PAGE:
Whether married or single, the majority of black mothers in Washington, D.C., are the main providers for their households, according to a study conducted by the Institute for Women’s Policy Research released Sept. 8.
Eighty-seven percent of black mothers bear the financial burdens of their families, compared to 47 percent of white mothers. The criteria for those considered “breadwinners” are mothers with children under 18 who are either single or making at least 40 percent of their household’s income.
This trend is replicated across the country, with an average of four out of every five black mothers bearing the financial burden of their households, according to the report. Additionally, black mothers are listed as the least likely population to have access to employer-paid leave.
“The lack of work-family supports in the United States, such as paid sick days and paid family leave, coupled with the high cost of child care, places an additional burden on low-income women and women of color, who are the least likely to have employer-provided paid leave,” the report reads.
Director of the Project on Deep Poverty and Senior Fellow at the Georgetown Center on Poverty and Inequality Senior Fellow Indivar Dutta-Gupta attested to the financially precarious situation single mothers can encounter.
“You’ve got a large share of single mothers whose earnings are essential to the household, so for them to significantly pull back on work, unless there were some benefits or tax credits to offset the loss of earnings, would be quite harmful in many cases to their families,” Dutta-Gupta said.
Dutta-Gupta stressed the wide range of inequalities and economic and social disparities often confronting the black community.
According to the National Association for the Advancement of Colored People, black men are incarcerated at a rate six times higher than their white counterparts. Dutta-Gupta said the criminal justice system disproportionately impacts black men, leaving more single mothers to bear their family’s financial burden.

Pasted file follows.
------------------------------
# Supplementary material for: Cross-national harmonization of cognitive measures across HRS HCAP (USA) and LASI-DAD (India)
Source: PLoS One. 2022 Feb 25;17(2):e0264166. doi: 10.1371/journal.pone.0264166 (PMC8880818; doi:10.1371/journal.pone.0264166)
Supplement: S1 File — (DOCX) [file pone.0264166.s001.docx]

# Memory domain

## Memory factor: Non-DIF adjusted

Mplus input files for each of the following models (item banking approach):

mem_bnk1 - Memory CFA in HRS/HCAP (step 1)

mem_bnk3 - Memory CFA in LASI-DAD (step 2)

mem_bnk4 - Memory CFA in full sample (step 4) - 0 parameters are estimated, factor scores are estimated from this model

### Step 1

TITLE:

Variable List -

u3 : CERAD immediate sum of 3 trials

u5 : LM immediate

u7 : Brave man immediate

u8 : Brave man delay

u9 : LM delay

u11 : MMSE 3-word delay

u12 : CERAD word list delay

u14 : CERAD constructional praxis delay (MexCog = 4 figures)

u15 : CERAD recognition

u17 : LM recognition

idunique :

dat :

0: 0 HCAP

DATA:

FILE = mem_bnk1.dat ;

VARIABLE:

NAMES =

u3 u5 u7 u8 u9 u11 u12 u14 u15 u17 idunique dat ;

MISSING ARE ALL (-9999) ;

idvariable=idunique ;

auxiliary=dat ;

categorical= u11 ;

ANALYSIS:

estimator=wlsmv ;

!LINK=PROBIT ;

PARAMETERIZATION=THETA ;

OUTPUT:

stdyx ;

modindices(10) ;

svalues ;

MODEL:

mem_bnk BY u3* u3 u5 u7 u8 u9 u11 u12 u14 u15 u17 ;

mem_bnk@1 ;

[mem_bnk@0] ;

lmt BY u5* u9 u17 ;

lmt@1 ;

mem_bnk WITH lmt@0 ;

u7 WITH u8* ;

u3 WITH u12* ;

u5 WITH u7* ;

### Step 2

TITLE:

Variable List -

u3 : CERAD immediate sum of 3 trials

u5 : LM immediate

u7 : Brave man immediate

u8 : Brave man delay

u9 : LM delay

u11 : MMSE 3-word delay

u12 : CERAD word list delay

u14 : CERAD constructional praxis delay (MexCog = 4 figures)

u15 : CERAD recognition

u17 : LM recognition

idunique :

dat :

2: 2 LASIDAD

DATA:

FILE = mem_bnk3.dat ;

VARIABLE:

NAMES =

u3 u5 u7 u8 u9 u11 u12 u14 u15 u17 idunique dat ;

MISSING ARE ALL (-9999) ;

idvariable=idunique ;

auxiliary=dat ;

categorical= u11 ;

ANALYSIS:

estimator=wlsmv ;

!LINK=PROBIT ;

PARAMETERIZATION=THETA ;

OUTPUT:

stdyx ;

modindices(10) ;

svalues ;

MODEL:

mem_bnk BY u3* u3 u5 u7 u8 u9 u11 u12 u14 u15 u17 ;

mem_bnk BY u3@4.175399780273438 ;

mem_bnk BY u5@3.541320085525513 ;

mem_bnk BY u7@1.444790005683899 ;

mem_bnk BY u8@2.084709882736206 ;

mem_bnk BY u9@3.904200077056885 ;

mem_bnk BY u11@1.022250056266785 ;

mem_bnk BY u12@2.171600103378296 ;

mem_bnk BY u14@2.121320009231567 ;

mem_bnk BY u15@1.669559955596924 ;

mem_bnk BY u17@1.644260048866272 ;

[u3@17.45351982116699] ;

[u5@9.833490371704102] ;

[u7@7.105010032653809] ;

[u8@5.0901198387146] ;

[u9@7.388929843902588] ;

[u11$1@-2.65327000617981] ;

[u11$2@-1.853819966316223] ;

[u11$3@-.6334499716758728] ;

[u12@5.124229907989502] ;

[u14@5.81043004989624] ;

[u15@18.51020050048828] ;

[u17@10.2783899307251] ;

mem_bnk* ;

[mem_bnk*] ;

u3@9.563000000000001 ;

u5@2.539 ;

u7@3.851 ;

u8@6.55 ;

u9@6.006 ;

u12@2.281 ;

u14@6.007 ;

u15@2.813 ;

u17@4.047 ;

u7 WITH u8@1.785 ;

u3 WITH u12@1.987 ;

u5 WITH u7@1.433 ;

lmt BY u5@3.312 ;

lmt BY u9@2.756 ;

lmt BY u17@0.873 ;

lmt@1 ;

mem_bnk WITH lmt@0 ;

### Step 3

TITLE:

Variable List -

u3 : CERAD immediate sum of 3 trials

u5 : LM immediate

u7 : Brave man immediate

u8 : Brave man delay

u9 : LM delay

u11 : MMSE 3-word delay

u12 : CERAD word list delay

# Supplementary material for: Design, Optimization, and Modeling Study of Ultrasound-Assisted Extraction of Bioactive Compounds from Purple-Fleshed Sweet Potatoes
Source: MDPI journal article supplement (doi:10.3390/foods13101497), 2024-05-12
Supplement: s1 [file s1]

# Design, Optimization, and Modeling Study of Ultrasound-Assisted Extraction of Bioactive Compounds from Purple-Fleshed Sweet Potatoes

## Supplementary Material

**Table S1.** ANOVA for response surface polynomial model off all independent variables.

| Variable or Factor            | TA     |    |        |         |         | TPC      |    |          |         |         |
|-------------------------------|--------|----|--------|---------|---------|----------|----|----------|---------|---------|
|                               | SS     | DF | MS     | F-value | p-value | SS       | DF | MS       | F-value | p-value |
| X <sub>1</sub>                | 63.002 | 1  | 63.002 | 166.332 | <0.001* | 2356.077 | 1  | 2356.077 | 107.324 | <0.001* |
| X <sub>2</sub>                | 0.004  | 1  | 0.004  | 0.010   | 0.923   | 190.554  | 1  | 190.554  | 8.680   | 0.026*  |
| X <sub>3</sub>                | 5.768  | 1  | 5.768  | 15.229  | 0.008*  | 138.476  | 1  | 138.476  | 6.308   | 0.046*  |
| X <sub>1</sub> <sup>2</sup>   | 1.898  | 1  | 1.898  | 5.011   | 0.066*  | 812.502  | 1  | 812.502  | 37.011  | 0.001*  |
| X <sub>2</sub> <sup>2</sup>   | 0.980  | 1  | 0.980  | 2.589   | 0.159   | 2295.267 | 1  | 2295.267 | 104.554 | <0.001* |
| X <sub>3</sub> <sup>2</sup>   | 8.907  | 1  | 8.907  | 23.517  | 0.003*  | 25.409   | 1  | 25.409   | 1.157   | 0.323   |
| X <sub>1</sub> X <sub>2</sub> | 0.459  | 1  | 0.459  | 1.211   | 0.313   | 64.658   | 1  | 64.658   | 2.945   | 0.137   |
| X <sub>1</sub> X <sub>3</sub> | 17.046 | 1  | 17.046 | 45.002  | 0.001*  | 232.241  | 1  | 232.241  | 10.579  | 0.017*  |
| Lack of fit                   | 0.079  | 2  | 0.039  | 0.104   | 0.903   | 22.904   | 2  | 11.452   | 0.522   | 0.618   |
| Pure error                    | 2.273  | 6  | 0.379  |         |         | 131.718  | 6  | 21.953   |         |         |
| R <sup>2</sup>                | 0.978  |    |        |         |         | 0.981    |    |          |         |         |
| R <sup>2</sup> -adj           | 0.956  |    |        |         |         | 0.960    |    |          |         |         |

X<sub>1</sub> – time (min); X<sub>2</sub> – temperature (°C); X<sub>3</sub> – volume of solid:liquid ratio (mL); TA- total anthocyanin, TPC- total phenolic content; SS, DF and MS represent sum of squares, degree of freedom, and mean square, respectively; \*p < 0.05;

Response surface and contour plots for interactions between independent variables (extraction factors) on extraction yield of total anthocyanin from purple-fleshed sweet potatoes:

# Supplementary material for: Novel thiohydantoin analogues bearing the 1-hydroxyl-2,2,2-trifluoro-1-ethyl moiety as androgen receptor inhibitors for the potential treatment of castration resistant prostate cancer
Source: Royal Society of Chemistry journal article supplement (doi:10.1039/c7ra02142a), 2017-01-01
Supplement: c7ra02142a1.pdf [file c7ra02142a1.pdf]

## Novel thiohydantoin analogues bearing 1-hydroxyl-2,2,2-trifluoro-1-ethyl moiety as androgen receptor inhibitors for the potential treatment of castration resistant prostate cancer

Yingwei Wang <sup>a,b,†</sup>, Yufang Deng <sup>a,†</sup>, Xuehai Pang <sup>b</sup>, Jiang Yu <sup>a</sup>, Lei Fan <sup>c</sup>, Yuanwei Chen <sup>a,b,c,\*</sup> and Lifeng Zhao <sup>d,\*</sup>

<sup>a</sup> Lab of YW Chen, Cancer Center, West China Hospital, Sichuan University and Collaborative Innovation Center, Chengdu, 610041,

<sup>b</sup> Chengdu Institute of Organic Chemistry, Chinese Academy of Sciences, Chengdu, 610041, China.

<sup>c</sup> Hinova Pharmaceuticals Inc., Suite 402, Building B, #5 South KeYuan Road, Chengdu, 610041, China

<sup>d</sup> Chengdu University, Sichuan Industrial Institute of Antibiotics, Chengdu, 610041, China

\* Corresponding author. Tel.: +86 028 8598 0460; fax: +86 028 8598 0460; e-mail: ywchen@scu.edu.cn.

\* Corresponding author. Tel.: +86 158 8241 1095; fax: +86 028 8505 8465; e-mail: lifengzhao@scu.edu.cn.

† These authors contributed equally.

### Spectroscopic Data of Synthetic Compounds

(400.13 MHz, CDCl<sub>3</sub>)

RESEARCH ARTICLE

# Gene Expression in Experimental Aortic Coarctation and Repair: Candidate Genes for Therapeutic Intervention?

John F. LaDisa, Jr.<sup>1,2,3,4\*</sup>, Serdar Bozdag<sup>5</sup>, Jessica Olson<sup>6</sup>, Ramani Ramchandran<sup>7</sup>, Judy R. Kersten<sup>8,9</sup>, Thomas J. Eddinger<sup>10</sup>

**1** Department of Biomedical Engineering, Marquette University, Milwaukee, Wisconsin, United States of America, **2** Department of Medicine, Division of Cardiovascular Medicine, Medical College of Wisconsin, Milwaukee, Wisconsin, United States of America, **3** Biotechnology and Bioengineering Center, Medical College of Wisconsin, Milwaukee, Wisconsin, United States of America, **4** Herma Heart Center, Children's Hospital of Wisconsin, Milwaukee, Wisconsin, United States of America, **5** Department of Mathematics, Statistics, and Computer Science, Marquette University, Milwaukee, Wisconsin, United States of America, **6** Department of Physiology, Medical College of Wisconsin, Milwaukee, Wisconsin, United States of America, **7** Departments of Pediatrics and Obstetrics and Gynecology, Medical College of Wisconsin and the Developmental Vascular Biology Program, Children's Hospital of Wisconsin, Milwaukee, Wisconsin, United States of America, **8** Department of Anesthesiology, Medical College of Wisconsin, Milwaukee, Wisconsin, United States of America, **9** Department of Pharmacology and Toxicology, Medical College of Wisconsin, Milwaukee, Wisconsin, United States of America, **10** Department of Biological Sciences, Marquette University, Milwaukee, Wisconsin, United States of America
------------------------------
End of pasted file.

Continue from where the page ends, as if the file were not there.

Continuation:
“There are major consequences across communities of color in the West due to the criminal justice system,” Dutta-Gupta said.
Georgetown University Law Center Carmack Waterhouse Professor of Law and Public Policy Peter Edelman further underscored the intersection of race, mass incarceration and low incomes.
“If you think about adding together low-wage jobs and then single moms, where there’s only one possible wage earner in the household, and then add in the question of race, you get people who are struggling with very low income,” Edelman said. “As a country, we’ve taken a huge chunk of the African-American male population, put them in jail and destroyed their lives.”
D.C. Schools Project coordinator Princess Adentan (COL ’18), who works tutoring children in vulnerable communities, said the trend is troubling for children’s educational prospects.
“Black males are being incarcerated at higher rates than men of other races, and so it’s almost not surprising that black women are the primary breadwinners for their families,” Adentan said. “I think this is definitely a problem in the sense that single-parent households usually have lower education outcomes.”
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